10 Steps To Help Your Children Through Divorce


There are no ex-parents, only ex-spouses. You will be parents forever.

1. Tell the children together and/or separately about the divorce.

Use age-appropriate language about how each parent looks at the past and future. Know how to tell the children. It's not "we no longer love each other, so we are getting a divorce" or "we'll always love you." This is not enough. Explain each parent's reasons and point of view without badmouthing the other. Describe in detail how you will arrange visits, special events and parent the children.

2. Mediate, do not litigate your divorce.

Litigated divorces damage children. The research is filled with psychological, emotional and spiritual damage. Our mediation puts the co-parenting agreement as the first agenda item and teaches parents how to work together for the future of their children.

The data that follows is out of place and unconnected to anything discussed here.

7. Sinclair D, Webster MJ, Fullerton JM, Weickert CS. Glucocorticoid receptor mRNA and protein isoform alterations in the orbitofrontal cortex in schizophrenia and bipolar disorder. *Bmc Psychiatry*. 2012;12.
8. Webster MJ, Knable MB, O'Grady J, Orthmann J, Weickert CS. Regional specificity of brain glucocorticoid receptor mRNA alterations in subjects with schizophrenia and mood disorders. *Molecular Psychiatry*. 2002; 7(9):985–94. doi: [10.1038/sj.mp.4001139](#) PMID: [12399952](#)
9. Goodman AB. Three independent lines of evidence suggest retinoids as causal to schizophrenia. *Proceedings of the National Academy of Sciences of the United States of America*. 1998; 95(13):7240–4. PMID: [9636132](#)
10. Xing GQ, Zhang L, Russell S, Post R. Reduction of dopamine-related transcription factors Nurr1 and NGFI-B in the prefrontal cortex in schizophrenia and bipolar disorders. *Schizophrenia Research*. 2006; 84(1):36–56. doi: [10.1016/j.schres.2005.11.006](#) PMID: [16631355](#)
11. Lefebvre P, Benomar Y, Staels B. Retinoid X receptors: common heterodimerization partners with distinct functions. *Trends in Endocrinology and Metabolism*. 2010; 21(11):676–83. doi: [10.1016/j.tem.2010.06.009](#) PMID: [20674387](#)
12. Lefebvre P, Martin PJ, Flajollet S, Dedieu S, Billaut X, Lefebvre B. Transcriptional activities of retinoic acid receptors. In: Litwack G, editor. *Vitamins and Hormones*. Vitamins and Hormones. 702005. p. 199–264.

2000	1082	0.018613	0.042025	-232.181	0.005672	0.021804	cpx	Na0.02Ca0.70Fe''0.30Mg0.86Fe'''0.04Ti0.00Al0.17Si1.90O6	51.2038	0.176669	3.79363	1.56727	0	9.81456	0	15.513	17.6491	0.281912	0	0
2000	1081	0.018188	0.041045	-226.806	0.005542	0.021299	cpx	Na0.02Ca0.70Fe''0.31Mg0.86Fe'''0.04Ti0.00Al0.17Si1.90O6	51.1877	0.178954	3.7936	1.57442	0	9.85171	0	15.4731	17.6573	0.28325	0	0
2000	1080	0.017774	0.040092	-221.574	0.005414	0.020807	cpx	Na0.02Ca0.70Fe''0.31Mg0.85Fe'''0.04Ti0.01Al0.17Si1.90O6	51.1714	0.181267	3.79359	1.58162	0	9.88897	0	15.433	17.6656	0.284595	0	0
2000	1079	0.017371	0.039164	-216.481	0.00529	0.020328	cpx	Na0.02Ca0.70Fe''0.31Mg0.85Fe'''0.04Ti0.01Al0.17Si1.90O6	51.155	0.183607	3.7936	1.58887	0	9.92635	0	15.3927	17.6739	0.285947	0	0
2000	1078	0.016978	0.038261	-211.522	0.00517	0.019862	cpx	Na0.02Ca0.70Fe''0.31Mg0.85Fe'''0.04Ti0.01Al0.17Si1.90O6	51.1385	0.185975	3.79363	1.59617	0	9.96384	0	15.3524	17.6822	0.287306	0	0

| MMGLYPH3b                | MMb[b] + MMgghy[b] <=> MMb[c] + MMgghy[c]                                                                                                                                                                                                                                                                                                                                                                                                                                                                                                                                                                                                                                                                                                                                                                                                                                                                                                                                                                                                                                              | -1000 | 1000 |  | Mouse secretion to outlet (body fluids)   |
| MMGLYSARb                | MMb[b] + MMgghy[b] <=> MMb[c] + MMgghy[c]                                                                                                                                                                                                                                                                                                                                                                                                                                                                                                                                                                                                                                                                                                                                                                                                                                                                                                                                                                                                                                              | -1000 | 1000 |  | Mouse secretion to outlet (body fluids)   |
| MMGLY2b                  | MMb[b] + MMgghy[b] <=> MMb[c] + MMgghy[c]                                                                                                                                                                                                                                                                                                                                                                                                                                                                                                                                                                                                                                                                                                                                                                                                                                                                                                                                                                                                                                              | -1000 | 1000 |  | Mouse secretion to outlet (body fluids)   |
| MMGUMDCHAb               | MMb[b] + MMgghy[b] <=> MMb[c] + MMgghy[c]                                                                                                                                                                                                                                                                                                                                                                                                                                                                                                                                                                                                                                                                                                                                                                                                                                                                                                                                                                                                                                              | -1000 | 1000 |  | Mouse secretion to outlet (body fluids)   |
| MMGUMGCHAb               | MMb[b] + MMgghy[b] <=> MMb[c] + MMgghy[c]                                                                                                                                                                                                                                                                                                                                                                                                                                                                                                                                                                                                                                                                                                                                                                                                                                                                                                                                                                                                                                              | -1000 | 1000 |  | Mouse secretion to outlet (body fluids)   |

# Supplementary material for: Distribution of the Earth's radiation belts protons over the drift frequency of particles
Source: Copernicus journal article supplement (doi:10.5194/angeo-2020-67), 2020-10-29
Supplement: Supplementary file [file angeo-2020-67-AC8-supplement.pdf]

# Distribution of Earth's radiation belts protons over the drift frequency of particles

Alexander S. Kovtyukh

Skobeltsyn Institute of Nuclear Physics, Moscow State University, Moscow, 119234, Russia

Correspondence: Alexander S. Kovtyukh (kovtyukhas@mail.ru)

3. Don't badmouth.

No matter how bad an ex has been or how you have become enemies from a litigated divorce, saying negative things about the other parent has proven to damage a child's self-esteem. Children need to feel that it is okay to love both parents.

4. Continue to parent.

Don't fall into a popularity or overindulgence competition for your children's love. "Disneyland" mothers and fathers fail their kids. You will discipline, guide and teach your child. Parents are the crucial teachers in a child's life.

5. Keep the focus on family.

All too often parents become naturally involved in new jobs, seeking new relationships and family eternals. Maintaining your role as mother or father needs your attention. You are beginning a new life, and so are the children.

6. Go slow with significant others. Friends first.

7. "Step" relationships can cause rejection and conflict.

8. Do not use the children as messengers.

You know what happens to messengers.

9. Do not use the child as a confidant.

10. Create safety.

Encourage your child to talk as openly as possible about his or her feelings, positive or negative. You can say "dad things" and "mom things" that are confidential and will not be used against the other parent, no matter what.